Bottom line is know your market. Right now in the market I am selling the flip it is a sellers market, especially in my price range. Knowledge gives you leverage.

  • Josh August 23, 2015, 10:33 am

    Thanks for the mention, loved shooting that house.

  • Button August 24, 2015, 1:36 pm

    I’m really glad to have found this post in the list of posts as I just started reading your blog.

    My husband and I recently decided to put our house on the market and working quickly toward getting it listed. Although we only purchased it two years ago, we have made significant improvements to the cottage including new (and very efficient) hvac. After a long discussion with our realtor, we decided to list since our community has a seller’s market. While we’re not looking forward to the process, your article definitely matches up with our realtor’s suggestions, so I’m glad to hear that we’re doing the right things in listing.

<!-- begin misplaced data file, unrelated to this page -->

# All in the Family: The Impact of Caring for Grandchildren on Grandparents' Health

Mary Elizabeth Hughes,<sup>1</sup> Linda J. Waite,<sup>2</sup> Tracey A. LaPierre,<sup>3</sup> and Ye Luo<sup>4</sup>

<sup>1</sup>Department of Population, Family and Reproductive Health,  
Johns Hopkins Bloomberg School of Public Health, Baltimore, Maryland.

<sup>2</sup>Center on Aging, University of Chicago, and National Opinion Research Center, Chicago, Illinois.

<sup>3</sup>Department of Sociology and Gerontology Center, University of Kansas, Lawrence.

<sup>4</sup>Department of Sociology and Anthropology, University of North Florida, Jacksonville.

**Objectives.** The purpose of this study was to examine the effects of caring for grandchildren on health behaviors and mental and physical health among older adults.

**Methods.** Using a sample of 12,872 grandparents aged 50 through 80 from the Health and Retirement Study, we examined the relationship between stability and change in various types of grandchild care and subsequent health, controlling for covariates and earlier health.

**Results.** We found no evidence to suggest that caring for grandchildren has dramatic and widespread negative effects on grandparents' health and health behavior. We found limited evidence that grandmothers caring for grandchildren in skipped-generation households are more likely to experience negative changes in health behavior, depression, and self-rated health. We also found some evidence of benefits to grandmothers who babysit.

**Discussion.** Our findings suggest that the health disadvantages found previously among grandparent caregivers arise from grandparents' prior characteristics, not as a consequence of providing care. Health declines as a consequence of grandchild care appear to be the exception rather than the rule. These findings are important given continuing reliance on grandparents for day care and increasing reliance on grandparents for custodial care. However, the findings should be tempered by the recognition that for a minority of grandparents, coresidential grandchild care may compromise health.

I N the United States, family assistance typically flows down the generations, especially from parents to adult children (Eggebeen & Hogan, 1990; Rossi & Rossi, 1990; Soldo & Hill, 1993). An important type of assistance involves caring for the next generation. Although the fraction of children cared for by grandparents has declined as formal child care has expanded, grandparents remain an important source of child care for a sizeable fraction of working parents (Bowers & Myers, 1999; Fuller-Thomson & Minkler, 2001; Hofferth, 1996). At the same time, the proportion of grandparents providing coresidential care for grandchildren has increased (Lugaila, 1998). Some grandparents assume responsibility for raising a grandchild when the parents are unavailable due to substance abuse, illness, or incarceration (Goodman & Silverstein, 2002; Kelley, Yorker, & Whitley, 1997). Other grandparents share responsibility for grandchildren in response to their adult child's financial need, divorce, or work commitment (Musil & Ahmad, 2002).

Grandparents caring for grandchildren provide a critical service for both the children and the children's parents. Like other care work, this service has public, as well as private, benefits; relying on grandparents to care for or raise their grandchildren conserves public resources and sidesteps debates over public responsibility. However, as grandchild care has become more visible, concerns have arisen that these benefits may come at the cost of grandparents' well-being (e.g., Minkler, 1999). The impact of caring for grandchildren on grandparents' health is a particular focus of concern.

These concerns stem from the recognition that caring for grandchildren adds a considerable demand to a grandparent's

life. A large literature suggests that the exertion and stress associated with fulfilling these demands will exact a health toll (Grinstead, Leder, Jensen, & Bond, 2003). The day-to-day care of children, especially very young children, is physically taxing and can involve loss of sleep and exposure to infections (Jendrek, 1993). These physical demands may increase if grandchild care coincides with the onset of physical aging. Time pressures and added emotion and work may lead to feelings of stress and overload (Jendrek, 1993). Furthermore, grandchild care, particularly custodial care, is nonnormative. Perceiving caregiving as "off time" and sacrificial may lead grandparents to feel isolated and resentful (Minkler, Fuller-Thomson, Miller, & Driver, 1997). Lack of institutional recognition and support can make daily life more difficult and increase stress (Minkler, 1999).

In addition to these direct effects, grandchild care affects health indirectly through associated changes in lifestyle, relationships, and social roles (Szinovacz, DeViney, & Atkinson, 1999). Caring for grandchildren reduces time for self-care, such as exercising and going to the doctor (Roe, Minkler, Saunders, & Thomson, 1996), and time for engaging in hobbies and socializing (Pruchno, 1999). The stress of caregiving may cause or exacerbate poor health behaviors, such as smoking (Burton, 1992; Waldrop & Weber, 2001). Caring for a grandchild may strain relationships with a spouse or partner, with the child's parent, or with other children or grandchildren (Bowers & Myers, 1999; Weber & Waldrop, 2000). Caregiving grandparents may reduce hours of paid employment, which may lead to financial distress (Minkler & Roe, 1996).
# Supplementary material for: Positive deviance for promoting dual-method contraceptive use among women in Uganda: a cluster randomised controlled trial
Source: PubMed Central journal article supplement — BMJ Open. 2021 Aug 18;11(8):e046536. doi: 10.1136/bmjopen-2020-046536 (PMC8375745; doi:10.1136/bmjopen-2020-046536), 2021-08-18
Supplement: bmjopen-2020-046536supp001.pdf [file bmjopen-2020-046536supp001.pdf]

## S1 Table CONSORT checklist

• GregW October 22, 2015, 5:48 pm

    WOW! That is a 565k house in CO? A house like that is SE Connecticut, where we are, would be almost $1m – closer to $2m with an ocean view. Awesome value!
    Those are great photos, too. But $100 for all that work? How in the world can a photographer make a living charging that kind of rate? That had to be at least a couple hours at the house and then a few hours of travel and post production. I just don’t see that being too viable, unless they have some super efficient system to do it all.
    At any rate, nicely done building the house (it’s gorgeous) and selling.

    • Mr. Money Mustache October 29, 2015, 5:33 pm

      Thanks Greg. I think Josh the Photographer got the shots in about 30 mins and probably does a batch processing on them – nothing fancy. Plus he does a daily loop covering a few different shoots per day, which minimizes travel per house.